What to expect from counselling

You’ve chosen someone, had your initial conversation and now you’re getting started, so it’s good to think about what you expect from counselling.

Just like any relationship, with counselling there can be expectations, highs, lows and bumps in the road (we tend to call those ‘ruptures’). In my own therapy I’ve experienced awkward moments, emotional moments, moments where I just didn’t want to be there and then ‘wow’ moments where something really clicked into place for me.

So what should you expect in your first counselling session?

Depending on the type of counselling your therapist is trained in, you might get questions or they might sit back and see what you’d like to bring to the session.

You may find that they ask about how you’re feeling right there and then or even what you’re noticing in your body, as you sit talking with them.

You might want to jump straight in with the thing that has brought you to therapy or you might want to be more cautious and gently ease in to sharing some of what’s troubling you.

You may be feeling:

Scared of being judged, of being vulnerable, as being seen as silly somehow. Remember, your counsellor is not there to judge you and they are on your side. Whatever you bring, they will have heard in some form or another, from other clients and they won’t be shocked.

Tearful and emotional. You might have been holding these feelings inside for a long time and felt alone. It can be a huge relief to have a kind, compassionate person there to hear you. Even if you don’t think you’re going to cry, perhaps have some tissues nearby, just in case.

Anxious about sharing your thoughts and feelings. It can take some time to build trust with your therapist and they will understand this. The best thing you can do is to share with them that you feel worried or anxious, so that you can look at this together and agree a way forward that you are comfortable with.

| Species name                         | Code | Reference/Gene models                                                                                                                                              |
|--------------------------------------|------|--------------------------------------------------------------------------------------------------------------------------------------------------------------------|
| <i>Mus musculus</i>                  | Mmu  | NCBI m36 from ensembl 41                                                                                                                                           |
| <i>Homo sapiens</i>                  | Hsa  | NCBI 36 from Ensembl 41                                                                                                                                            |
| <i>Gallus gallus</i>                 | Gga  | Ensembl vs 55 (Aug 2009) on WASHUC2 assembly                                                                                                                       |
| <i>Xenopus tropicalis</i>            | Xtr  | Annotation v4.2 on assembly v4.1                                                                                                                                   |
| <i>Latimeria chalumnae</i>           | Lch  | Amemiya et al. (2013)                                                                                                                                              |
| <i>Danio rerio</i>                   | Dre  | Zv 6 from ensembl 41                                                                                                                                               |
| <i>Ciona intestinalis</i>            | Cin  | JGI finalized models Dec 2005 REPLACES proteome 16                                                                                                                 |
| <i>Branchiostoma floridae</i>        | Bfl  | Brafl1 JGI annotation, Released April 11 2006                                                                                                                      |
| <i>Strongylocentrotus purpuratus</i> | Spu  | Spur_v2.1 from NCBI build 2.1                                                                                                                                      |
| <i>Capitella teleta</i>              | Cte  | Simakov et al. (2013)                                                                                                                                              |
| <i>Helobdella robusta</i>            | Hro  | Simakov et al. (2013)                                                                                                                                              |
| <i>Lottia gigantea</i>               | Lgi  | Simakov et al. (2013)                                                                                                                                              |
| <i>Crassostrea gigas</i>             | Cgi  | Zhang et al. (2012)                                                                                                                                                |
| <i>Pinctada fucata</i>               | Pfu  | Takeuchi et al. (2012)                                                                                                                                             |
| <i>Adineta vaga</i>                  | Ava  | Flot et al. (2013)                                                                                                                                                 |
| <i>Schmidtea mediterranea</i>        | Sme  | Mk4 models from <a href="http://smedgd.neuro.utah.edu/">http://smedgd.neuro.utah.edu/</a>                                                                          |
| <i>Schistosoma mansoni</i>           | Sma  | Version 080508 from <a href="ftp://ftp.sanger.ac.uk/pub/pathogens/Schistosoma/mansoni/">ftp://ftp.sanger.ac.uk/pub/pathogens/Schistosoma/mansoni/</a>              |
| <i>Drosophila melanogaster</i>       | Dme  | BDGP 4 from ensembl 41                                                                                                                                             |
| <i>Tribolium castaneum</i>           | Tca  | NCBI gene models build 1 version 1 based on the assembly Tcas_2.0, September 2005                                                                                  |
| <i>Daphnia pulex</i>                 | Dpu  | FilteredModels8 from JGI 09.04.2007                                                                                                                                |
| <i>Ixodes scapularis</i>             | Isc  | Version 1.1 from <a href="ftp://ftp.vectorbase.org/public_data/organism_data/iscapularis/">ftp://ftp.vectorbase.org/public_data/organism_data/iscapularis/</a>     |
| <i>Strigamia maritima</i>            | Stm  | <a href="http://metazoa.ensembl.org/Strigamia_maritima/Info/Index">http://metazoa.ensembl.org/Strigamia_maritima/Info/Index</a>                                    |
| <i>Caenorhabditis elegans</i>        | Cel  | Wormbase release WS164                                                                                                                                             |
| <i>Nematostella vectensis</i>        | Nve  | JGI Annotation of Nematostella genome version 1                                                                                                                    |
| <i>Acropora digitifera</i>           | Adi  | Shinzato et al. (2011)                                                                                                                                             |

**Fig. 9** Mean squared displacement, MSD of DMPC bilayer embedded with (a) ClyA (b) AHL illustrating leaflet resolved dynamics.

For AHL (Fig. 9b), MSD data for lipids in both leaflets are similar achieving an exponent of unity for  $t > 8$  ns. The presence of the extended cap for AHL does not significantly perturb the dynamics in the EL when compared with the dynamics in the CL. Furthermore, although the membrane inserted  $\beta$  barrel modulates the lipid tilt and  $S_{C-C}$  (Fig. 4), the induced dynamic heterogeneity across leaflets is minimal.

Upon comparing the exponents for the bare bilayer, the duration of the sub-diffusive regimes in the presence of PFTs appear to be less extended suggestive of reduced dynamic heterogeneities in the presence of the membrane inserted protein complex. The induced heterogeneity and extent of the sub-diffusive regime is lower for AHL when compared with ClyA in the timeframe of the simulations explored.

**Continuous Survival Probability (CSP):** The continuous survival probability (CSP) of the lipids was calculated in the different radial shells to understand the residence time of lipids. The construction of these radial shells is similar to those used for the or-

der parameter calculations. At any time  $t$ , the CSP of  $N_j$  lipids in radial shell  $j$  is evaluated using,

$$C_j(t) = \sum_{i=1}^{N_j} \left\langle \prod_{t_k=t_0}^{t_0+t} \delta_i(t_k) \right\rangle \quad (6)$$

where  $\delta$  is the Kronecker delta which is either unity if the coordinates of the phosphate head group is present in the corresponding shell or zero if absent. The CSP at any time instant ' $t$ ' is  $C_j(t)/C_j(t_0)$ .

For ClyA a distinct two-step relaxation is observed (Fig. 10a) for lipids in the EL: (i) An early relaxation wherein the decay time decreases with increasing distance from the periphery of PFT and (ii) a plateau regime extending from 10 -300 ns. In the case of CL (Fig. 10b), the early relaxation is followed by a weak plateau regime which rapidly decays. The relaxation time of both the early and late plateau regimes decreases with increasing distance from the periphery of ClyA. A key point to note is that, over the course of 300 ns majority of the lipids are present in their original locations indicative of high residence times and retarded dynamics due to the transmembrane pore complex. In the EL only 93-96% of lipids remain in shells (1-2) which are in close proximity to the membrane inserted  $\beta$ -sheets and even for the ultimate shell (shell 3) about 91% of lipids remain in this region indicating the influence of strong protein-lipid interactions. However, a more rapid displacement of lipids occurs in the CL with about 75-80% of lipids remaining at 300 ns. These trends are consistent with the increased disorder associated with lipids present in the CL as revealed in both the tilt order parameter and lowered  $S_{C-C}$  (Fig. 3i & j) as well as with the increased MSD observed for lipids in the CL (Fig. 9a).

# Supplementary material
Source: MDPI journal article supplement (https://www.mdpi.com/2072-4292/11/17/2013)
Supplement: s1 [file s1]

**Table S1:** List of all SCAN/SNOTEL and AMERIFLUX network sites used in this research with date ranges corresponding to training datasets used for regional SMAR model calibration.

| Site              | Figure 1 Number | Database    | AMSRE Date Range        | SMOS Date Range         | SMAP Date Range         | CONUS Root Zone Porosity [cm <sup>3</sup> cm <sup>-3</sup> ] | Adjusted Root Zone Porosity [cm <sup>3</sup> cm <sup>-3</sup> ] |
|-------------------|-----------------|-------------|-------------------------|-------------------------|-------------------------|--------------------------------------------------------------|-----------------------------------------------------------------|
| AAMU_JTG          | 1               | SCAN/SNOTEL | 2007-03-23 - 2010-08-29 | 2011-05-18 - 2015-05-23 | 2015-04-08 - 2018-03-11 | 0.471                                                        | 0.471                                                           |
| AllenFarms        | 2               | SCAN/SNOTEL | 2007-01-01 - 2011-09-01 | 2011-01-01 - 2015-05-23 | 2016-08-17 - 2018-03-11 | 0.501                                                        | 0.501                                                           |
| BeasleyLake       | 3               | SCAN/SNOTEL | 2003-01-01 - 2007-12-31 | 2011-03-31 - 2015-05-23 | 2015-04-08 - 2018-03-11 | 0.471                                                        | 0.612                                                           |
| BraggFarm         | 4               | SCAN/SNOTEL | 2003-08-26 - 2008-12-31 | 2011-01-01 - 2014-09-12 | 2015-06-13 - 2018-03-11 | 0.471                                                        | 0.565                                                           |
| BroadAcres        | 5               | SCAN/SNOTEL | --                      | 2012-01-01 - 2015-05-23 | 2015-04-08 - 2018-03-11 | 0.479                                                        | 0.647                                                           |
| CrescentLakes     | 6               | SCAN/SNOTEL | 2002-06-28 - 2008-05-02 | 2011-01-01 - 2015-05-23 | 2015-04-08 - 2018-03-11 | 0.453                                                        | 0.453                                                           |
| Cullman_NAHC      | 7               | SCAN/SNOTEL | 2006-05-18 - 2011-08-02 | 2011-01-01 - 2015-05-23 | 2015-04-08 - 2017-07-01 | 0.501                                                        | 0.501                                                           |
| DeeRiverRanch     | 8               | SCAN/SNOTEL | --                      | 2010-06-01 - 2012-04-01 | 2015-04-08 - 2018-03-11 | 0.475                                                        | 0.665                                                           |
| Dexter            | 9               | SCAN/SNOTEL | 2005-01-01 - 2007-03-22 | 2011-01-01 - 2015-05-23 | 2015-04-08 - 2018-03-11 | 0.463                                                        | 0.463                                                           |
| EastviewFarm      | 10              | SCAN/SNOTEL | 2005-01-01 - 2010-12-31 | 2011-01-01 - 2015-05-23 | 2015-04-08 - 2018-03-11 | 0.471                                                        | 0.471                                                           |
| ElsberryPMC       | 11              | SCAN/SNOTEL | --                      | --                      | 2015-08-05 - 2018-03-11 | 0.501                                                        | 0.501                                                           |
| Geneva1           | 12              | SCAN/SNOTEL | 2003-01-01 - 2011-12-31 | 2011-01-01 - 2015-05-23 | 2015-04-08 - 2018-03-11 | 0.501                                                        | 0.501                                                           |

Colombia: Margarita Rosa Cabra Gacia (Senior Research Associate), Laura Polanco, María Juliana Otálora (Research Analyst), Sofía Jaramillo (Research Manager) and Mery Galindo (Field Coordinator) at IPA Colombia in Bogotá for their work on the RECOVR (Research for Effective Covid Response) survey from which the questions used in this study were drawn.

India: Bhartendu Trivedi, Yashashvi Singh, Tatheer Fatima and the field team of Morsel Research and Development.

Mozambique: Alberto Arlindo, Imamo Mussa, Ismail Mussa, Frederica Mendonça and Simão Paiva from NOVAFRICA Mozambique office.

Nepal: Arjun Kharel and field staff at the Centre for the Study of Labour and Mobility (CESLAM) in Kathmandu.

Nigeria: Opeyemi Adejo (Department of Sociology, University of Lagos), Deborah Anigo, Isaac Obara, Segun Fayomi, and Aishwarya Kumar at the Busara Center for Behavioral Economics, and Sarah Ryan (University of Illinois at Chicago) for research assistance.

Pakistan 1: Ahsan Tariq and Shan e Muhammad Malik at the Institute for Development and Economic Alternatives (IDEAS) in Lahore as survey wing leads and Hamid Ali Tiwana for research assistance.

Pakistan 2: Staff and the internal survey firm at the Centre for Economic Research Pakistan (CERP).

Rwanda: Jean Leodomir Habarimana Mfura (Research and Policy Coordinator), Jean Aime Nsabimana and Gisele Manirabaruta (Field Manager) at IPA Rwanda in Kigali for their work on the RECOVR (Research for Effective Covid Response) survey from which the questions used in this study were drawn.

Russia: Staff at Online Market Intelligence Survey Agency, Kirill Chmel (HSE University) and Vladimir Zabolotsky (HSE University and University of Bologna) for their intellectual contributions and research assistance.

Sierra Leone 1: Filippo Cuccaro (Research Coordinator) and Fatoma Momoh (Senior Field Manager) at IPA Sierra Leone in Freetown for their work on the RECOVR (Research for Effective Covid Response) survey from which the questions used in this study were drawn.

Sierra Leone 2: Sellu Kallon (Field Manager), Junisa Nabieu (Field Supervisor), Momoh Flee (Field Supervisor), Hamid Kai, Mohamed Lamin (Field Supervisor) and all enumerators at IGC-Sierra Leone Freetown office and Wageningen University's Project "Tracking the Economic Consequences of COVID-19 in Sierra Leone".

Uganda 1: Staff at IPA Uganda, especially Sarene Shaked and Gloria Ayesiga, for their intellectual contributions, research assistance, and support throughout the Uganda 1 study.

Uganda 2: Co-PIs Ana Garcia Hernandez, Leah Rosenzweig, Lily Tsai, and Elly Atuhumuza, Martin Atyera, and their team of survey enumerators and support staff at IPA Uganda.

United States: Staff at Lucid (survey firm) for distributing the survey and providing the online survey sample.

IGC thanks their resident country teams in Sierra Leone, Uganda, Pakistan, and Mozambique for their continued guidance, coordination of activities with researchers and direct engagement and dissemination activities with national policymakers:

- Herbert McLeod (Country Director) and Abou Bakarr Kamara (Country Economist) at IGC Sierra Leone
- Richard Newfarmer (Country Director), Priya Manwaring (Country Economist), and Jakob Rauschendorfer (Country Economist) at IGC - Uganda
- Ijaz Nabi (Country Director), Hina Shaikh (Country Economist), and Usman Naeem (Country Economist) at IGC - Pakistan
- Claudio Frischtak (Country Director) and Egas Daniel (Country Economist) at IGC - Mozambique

Some practical considerations

If you’re going to a new location for the session – allow plenty of time to get there and find it so you don’t get flustered.

If it’s online – make sure you’re somewhere private and comfortable. You might like to have a blanket or cushion for comfort, a glass of water (or cup of tea/coffee) and some tissues nearby.

Think about having a therapy notebook – take it to sessions to jot down anything that comes up for you, that you want to reflect on afterwards, and use it in between sessions to make a note of any thoughts or feelings that you want to take to your next session.

Keep some time for yourself either side of your appointment. That might be the journey to / from it, or if it’s online or over the phone you could come up with a way of marking out that time (a walk around the block, ten minutes calm time in your garden, a cup of tea in silence).

Uh-oh, we’ve hit a bump in the road…

In counselling there is no ‘right’ or ‘wrong’ way for sessions to go. Your counsellor is only human after all.

BUT, if you feel that they’ve not understood what you are trying to say, or they’ve been careless with their words then it’s really important that they know that. Don’t be afraid to correct them or to share with them if you’re feeling misunderstood or hurt – they will see this as an opportunity to correct any mistakes.

Having an opportunity to repair the relationship with you can be really beneficial for the work you are undertaking together. If you have concerns about the way they are working with you though, and haven’t been able to resolve them yourself, you can contact their ethical body (for me, that would be the BACP)

One final (very important) thing. Your counsellor is not a magician. They cannot ‘fix’ you – mainly because we don’t believe you’re broken in the first place! Counselling is hard work on your part and at times, as difficulties are brought to the surface, it can really feel tough. Stick with it though and the rewards can be life-changing.

Fernbank Counselling:

What to expect from counselling

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